According to Old Miami’s website,
Established in 1979 as a haven for Vietnam Veterans, the Old Miami has been called “the C.B.G.B’s of the midwest” for it’s history as a music venue. Almost every notable artist from Detroit has played on its stage as well as many national acts of the punk/modern rock era. “Miami” is an acronym for Missing In Action Michigan and the walls are lined thick with Vietnam and other military mementos, many of which were given to owner Danny Overstreet by fellow veterans. People from all walks of life call the Old Miami a home away from home. Bikers, students, bladers, musicians, lawyers and anarchists are its patrons who gravitate to this easy-going off-campus dive where live music rules.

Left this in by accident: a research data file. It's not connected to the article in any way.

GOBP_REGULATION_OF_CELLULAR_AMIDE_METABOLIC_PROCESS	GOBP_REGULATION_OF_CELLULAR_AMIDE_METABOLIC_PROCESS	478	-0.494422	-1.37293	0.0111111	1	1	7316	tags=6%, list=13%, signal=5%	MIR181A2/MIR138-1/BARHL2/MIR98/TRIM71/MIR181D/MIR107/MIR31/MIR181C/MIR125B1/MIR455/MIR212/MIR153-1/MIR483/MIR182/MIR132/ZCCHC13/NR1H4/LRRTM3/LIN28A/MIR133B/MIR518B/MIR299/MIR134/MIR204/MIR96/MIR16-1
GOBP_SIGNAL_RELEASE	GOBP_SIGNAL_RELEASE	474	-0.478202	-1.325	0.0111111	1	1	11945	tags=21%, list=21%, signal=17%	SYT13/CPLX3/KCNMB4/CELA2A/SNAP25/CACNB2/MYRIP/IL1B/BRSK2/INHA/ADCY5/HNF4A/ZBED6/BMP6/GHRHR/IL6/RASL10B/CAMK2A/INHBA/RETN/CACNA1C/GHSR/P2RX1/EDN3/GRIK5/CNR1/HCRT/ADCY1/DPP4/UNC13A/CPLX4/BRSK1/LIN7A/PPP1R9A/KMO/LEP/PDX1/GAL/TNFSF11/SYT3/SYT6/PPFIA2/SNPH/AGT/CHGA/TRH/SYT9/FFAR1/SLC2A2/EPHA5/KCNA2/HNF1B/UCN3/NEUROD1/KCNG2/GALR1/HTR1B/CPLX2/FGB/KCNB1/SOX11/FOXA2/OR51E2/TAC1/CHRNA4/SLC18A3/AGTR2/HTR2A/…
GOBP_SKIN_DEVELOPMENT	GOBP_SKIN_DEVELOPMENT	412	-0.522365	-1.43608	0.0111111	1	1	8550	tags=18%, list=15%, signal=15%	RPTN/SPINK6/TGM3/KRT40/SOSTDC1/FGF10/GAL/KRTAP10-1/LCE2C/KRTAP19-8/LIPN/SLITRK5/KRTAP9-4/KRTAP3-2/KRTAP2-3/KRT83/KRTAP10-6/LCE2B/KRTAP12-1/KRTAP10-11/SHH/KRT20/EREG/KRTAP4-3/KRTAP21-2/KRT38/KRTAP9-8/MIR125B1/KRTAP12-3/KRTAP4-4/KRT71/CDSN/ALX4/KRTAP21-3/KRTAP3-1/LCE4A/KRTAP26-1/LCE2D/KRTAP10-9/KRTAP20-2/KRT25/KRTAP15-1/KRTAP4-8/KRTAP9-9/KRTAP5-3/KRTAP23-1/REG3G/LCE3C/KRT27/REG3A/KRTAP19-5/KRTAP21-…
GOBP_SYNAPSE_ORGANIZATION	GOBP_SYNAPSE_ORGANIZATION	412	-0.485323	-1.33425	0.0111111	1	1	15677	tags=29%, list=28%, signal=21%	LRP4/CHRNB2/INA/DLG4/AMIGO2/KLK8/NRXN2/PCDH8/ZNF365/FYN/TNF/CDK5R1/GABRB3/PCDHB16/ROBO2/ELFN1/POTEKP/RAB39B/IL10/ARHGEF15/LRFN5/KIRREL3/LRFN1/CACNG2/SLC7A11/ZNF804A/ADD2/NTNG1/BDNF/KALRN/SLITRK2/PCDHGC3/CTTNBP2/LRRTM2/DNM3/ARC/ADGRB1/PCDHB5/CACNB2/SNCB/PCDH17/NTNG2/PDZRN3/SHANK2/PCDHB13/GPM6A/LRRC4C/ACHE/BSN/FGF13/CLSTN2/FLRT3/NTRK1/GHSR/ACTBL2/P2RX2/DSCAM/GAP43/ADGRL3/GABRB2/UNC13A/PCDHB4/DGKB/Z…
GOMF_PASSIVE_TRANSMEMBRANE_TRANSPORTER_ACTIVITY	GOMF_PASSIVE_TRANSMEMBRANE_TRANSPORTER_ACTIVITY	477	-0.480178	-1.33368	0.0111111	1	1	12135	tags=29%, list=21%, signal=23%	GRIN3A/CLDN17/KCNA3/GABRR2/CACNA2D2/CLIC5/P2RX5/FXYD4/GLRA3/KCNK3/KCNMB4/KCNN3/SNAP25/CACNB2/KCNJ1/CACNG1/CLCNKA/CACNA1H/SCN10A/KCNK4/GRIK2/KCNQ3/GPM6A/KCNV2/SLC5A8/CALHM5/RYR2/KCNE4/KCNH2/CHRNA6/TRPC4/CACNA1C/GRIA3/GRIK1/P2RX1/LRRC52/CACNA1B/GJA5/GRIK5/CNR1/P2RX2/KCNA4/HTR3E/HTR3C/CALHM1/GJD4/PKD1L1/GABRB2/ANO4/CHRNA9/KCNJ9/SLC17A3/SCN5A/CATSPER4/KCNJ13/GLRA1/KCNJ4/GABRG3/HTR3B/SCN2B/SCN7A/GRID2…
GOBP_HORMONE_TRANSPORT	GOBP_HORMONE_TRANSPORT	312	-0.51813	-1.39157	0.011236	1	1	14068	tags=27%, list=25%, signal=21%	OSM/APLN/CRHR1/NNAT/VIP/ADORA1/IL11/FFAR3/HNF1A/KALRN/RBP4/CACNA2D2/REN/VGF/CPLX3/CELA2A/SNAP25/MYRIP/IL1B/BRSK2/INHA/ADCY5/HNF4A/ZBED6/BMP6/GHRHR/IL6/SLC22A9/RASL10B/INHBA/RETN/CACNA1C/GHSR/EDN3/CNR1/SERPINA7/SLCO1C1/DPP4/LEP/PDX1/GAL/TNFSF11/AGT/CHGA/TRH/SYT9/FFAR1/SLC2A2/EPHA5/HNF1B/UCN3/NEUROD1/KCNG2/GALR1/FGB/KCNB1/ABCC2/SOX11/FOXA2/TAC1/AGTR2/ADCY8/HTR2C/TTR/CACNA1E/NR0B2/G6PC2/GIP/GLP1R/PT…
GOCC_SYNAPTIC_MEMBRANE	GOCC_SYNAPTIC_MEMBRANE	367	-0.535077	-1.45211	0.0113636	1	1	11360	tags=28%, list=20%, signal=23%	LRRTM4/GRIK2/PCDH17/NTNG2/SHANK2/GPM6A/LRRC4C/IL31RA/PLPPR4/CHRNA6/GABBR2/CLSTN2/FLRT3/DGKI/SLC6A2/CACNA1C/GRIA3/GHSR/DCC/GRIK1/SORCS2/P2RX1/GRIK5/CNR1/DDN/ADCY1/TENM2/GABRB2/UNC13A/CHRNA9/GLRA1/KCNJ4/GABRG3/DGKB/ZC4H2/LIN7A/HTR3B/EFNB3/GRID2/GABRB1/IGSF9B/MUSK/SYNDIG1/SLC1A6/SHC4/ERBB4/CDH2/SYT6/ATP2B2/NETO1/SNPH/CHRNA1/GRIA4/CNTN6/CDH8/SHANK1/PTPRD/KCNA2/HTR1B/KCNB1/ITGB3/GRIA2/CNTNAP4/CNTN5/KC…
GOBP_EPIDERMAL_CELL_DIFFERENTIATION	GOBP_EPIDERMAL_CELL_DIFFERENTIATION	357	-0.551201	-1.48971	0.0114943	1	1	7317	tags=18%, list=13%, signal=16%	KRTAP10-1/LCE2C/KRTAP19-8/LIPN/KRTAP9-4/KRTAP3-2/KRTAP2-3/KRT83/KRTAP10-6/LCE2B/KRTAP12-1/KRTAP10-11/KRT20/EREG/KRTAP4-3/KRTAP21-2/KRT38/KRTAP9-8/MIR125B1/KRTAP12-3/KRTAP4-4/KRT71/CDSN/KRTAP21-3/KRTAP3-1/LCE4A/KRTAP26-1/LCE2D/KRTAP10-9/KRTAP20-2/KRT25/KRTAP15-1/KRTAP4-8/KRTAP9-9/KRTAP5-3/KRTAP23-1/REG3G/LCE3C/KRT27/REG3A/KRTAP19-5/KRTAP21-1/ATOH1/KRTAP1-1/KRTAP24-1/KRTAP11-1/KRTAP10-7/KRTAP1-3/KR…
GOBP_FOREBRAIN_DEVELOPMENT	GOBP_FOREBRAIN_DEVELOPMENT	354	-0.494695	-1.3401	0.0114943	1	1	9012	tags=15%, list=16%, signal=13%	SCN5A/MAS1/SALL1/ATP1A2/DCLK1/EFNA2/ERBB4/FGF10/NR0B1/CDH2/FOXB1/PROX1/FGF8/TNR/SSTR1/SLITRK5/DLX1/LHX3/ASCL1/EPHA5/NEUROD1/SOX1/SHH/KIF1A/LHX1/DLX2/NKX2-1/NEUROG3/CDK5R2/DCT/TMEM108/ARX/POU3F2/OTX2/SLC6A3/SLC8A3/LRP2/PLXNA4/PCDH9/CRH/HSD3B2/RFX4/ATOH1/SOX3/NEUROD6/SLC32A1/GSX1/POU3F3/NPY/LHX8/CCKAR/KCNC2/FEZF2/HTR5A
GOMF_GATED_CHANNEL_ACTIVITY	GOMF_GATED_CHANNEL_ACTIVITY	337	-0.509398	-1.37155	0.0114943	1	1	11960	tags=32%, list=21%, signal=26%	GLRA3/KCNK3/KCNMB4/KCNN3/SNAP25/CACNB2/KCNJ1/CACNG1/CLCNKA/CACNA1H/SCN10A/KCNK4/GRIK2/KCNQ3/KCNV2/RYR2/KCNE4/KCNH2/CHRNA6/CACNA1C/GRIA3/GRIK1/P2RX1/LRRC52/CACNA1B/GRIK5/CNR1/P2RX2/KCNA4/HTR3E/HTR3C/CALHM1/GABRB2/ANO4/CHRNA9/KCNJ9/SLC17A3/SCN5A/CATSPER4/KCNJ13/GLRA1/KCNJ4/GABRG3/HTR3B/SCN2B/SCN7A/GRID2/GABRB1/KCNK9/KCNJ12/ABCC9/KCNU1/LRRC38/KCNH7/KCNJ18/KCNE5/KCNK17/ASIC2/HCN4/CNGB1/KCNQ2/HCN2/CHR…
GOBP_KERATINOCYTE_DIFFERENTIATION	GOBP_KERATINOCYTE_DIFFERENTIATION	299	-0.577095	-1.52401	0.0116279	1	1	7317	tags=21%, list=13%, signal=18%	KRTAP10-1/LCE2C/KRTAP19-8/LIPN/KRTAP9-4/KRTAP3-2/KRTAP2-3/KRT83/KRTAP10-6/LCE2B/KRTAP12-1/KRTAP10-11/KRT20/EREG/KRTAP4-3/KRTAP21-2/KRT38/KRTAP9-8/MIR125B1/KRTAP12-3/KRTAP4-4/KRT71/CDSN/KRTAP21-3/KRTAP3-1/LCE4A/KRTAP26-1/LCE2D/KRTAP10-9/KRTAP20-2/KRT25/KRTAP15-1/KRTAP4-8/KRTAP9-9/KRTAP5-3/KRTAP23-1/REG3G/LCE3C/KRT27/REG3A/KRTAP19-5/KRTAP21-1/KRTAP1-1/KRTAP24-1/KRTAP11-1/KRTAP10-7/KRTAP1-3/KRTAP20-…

I found this particularly fascinating because if you grew up in southwest Ohio (as I did), Miami means one thing: Miami University. Well, it might also mean the Great Miami River, Little Miami River, Little Miami High School (alma mater…holla!), or the Miami Indian tribe, after which all the above is named.
Now, if you are a Miami University alumna (as I am), the phrase “Old Miami” refers to a particular part of the school’s history and our alma mater. You see, after its founding in 1809, Miami chugged along as an institute of higher learning until the Civil War, when it closed for a few years. It reopened sometime during the 1860s, but from then on, the period before the school closed was considered “Old Miami.” This is reflected in the alma mater (which still brings tears to my eyes….*sniffle*): “Old Miami, New Miami.”
(You’re going to have to listen to the Fight Song first in the video, but oh well. It’s Miami, it’s awesome).
Funny how things turn around like that. I’m sure Detroit’s Old Miami is nothing like my Old Miami, but it’s nice to be reminded of home.